One of the more interesting maps is for House District 65, currently represented by Rep. Iman Jodeh, an Aurora Democrat. The map shows a district that stretches from Aurora to northeastern Colorado, a traditionally red stronghold, including Fort Morgan, Sterling and all the way to the Colorado-Nebraska state line near Julesburg.
Then there’s roughly a dozen districts where it’s open season, where there are no incumbents. That includes the new House District 41 in southeastern and south-central Colorado. The district starts just east of Kim, in Las Animas County, moves north into Crowley and west into Pueblo County, then slips around the north end of Pueblo and then heads west to Westcliffe, in Fremont County.
House District 57 is northwestern Colorado, but its current incumbent, Rep. Perry Will, R-New Castle, has been drawn into a district that includes most of Mesa County except for Grand Junction.
In terms of which party benefits the most, Republicans should be cheering. Currently, the House is a 41-24 Democratic advantage. Using party registration, the 2018 Attorney General's race and 2020 U.S. Senate race election outcomes, and counting as competitive the districts with a 5 percentage point margin or less, the House preliminary draft map would lead to between 31 and 35 solid Democratic districts, between 25 and 31 solid Republican districts, and between 3 and 5 competitive districts.
In the Senate, term limits means that a lot of the lawmakers drawn into the same districts won’t mean big changes. But that’s not true for everyone.
The most interesting may be in the new Senate District 21, where JBC Chair Sen. Dominick Moreno, D-Commerce City, is in the same district as Republican Sen. Kevin Priola of Henderson.
In Colorado Springs, Sen. Pete Lee, a Democrat, is drawn in the same district as Republican Sen. Larry Liston.
Like in the House, a district just south of Longmont would also see an incumbent-on-incumbent general election matchup if both lawmakers advance through a primary. The new Senate District 32 pits Sen. Sonya Jaquez Lewis, D-Longmont, against Sen. Barbara Kirkmeyer, R-Brighton. Both were just elected to their first terms in 2020.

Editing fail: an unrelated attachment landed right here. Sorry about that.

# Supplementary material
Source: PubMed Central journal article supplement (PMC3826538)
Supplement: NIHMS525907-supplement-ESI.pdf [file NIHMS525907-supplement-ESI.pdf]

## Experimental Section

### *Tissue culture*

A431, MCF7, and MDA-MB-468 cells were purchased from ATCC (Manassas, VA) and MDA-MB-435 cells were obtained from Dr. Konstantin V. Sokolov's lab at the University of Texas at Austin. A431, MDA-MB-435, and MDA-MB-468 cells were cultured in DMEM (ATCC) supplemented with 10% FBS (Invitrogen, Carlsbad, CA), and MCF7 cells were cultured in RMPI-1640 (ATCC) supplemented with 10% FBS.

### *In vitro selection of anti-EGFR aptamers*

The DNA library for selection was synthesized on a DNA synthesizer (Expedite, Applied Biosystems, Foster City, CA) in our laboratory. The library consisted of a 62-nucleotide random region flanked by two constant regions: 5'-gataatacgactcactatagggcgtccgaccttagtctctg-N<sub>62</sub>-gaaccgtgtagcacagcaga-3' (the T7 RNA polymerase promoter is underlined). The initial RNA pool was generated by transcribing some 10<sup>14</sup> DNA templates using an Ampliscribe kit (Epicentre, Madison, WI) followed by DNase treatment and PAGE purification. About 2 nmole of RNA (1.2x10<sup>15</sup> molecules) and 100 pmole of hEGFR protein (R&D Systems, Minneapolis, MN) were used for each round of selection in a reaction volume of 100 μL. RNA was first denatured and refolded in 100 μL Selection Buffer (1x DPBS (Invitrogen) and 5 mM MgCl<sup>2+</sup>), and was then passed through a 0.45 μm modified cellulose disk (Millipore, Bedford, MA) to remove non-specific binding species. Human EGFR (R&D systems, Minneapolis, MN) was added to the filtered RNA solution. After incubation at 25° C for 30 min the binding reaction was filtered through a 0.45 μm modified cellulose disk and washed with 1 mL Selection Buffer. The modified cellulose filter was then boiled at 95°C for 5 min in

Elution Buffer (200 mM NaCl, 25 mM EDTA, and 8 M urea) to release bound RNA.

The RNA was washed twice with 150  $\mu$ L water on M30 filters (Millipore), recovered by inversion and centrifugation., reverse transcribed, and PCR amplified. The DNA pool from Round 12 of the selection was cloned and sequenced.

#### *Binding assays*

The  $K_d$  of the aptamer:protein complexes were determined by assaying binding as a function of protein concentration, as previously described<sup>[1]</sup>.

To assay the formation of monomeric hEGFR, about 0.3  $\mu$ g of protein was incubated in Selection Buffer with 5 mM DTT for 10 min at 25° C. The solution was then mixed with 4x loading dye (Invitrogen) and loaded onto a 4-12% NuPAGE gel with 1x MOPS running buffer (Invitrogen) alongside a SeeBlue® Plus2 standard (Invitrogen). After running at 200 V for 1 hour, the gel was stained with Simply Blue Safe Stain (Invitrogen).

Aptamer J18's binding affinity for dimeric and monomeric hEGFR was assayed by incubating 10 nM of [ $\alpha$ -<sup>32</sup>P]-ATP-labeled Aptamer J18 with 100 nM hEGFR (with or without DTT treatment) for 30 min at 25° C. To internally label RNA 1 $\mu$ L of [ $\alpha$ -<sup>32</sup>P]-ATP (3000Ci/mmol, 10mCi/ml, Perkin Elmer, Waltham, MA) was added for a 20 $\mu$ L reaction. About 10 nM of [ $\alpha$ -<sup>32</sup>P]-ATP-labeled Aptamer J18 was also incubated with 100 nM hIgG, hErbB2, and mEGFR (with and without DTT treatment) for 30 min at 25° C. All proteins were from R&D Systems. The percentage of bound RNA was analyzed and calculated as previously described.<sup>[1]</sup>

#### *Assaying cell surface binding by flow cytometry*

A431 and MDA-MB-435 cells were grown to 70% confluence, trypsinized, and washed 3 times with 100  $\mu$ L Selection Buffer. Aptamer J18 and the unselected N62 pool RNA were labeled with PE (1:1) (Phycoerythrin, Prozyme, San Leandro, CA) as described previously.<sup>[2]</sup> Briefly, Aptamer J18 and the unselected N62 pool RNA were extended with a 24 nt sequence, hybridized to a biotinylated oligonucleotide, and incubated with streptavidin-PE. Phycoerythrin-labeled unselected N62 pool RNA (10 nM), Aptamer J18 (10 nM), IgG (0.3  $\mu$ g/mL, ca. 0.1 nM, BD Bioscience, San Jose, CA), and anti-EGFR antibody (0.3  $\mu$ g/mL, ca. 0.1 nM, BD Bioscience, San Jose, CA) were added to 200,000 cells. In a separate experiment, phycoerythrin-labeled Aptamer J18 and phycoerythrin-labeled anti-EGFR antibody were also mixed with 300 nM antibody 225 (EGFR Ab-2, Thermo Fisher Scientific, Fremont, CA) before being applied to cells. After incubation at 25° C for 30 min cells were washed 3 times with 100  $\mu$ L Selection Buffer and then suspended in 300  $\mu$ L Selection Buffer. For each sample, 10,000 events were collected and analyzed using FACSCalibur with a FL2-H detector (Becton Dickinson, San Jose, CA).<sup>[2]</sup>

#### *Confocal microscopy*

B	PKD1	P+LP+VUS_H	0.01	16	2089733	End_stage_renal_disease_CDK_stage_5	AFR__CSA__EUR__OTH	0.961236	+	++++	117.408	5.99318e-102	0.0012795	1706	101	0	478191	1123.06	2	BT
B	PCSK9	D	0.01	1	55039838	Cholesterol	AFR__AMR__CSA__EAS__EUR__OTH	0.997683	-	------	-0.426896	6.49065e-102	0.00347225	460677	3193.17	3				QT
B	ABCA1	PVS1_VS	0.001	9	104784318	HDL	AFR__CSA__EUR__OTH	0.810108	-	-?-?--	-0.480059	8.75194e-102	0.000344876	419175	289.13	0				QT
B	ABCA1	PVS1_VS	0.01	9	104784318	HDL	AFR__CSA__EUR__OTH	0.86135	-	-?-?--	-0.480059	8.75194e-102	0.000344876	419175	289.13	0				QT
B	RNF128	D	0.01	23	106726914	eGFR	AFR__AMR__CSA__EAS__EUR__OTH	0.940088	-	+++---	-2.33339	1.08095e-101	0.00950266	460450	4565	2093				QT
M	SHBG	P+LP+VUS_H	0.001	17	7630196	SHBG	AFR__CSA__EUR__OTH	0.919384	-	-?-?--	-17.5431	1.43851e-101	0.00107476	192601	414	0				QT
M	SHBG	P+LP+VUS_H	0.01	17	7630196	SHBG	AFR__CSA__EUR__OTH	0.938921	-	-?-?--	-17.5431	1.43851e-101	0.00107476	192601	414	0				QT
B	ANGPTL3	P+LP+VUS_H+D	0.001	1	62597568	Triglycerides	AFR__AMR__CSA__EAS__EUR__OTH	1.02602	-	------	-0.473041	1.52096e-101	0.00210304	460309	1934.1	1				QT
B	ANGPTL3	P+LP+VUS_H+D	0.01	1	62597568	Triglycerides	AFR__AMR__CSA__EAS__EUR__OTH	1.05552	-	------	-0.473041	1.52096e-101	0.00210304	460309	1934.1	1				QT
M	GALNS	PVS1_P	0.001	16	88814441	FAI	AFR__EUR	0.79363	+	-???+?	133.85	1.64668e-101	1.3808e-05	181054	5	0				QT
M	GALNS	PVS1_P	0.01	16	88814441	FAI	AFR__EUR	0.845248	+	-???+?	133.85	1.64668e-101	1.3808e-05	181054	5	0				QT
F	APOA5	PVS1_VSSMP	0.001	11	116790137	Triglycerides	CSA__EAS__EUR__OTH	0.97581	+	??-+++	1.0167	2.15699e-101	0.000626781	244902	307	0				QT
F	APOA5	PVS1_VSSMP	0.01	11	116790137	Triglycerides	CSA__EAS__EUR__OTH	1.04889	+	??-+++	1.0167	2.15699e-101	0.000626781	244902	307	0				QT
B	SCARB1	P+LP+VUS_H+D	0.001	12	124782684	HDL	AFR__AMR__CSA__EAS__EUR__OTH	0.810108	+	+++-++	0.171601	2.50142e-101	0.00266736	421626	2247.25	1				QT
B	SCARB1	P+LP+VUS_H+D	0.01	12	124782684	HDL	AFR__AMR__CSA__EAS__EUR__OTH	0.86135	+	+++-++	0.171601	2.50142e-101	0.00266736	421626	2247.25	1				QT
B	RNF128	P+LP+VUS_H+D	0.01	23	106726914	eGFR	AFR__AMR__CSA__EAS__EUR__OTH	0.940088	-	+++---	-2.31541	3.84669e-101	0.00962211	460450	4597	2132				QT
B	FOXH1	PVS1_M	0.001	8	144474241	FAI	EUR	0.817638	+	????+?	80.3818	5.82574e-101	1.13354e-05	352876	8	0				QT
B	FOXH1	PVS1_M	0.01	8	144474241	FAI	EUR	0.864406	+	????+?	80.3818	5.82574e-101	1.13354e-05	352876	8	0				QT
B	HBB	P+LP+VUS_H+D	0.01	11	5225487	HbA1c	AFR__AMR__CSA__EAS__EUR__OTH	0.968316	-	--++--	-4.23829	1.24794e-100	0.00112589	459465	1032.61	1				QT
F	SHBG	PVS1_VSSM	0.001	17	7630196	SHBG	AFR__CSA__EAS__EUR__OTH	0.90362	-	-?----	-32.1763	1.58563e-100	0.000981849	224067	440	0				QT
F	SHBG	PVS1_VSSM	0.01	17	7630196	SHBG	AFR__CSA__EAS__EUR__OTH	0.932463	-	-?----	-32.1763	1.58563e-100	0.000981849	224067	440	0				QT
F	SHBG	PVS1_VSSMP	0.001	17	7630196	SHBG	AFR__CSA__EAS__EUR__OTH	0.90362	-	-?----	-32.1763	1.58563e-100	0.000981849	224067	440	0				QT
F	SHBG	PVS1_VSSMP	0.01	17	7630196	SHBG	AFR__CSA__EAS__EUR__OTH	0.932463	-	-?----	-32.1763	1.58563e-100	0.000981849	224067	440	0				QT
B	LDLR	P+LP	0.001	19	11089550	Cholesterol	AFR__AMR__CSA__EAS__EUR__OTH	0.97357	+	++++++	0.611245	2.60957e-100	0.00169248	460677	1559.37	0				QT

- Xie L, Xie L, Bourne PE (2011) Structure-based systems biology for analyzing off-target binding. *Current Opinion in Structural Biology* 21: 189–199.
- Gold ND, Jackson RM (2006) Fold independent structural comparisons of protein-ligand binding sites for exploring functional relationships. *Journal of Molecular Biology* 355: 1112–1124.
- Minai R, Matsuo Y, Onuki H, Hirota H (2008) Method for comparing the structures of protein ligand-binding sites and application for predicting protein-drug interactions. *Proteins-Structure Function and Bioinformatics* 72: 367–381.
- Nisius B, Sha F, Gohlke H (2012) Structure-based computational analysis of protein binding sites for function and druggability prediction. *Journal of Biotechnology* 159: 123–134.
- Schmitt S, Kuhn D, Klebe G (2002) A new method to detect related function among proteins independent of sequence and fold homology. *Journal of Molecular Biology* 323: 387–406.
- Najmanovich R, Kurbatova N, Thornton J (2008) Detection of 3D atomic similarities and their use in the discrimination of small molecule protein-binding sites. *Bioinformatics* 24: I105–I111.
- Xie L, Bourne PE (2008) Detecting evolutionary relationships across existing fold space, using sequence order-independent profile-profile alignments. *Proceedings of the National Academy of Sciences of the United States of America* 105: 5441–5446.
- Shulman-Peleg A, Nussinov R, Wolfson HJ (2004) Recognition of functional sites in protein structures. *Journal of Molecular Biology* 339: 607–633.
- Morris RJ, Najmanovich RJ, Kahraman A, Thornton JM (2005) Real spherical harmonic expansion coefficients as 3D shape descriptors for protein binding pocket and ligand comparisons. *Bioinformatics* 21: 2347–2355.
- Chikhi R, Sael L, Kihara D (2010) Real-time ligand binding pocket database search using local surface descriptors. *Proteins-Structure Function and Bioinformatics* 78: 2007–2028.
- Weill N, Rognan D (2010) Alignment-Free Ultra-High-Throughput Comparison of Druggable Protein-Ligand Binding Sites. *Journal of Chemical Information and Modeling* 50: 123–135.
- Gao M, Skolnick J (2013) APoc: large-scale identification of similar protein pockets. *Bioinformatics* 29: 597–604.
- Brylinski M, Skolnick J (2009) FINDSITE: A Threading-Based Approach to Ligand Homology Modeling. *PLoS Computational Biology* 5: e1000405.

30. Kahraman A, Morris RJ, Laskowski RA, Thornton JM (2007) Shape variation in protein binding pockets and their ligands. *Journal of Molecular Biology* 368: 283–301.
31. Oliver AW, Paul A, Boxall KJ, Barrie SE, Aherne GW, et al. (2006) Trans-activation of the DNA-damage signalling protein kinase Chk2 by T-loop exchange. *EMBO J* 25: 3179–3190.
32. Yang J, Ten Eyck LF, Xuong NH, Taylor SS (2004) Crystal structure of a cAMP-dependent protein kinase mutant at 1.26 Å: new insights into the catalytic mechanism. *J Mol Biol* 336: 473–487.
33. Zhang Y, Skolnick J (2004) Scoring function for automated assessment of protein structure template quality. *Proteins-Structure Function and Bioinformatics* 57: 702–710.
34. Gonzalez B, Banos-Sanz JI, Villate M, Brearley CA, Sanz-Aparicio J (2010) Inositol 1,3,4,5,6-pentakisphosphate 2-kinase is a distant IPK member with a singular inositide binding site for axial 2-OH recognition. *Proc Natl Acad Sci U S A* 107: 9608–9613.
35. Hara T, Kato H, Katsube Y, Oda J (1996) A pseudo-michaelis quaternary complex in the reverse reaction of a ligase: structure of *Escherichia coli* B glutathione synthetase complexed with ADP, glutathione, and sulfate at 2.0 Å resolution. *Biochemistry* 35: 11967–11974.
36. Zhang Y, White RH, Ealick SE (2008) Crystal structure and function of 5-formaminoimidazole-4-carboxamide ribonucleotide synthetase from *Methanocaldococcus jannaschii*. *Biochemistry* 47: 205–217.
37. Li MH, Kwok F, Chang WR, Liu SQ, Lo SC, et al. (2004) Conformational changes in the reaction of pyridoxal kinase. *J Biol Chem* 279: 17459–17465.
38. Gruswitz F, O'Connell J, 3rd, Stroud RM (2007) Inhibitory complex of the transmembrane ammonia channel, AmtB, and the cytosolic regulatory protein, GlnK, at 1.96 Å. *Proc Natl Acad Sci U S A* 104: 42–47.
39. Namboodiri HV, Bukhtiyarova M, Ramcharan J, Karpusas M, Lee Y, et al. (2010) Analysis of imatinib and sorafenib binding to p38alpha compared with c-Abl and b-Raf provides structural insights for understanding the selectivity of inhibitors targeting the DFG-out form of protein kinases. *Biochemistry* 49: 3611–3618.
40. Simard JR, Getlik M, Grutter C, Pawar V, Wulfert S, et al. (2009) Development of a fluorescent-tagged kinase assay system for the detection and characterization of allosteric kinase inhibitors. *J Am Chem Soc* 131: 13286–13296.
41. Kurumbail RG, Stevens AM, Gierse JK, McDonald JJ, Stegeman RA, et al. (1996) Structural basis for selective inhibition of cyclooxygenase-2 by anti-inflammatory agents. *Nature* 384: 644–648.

Then there’s Senate District 32 in Denver, home to both Sens. Chris Hansen and Robert Rodriguez, and both are nowhere near the end of their terms in office. Rodriguez runs again in 2022, Hansen in 2024.
One item on Republicans’ wish list has been to make the Eastern Plains more compact; previously Senate District 35, represented by Republican Sen. Cleave Simpson of Alamosa, stretched from the San Luis Valley to southeastern Colorado and north to Kiowa County.
The southeastern Colorado seat as envisioned by the preliminary map would be represented by Sen. Paul Lundeen of northern El Paso County, and in order to keep the population numbers up, draws from eastern Colorado Springs and eastern Douglas County.
Other districts where incumbents are drawn together:
- Sens. Jeff Bridges, D-Greenwood Village and Chris Kolker, a Centennial Democrat who just finished his first year in the legislature.
- Democratic Sens. Faith Winter of Westminster and Rachel Zenzinger of Arvada. Zenzinger is term-limited in 2024; Winter is interested in running for the new Congressional District 8 seat.
- Republican Sens. Chris Holbert of Douglas County and Jim Smallwood of Parker are in the same district, but Holbert is term-limited in 2022.
There are no incumbents in at least two Senate districts as proposed by the new maps: Senate District 15 in eastern Douglas County; and Senate District 19, which includes Columbine and Littleton. The incumbent in the area is Sen. Tammy Story of Conifer, whose district may have gotten a lot redder and which would make re-election in 2022 more difficult.
Using party registration, the 2018 Attorney General's race and 2020 U.S. Senate race election outcomes, and counting as competitive the districts with a 5 percentage point margin or less, the map would lead to between 19 and 21 solid Democratic seats, between 13 and 15 solid Republican seats and between zero and two competitive seats.
This article has been updated to correct the proposed District 65 and Rep. Jackson's hometown. In addition, because of an updated address, Democratic Reps. Alex Valdez and Serena Gonzales-Gutierrez have not been drawn into the same district. Both Valdez and Gonzales-Gutierrez are the sole incumbents in their proposed districts.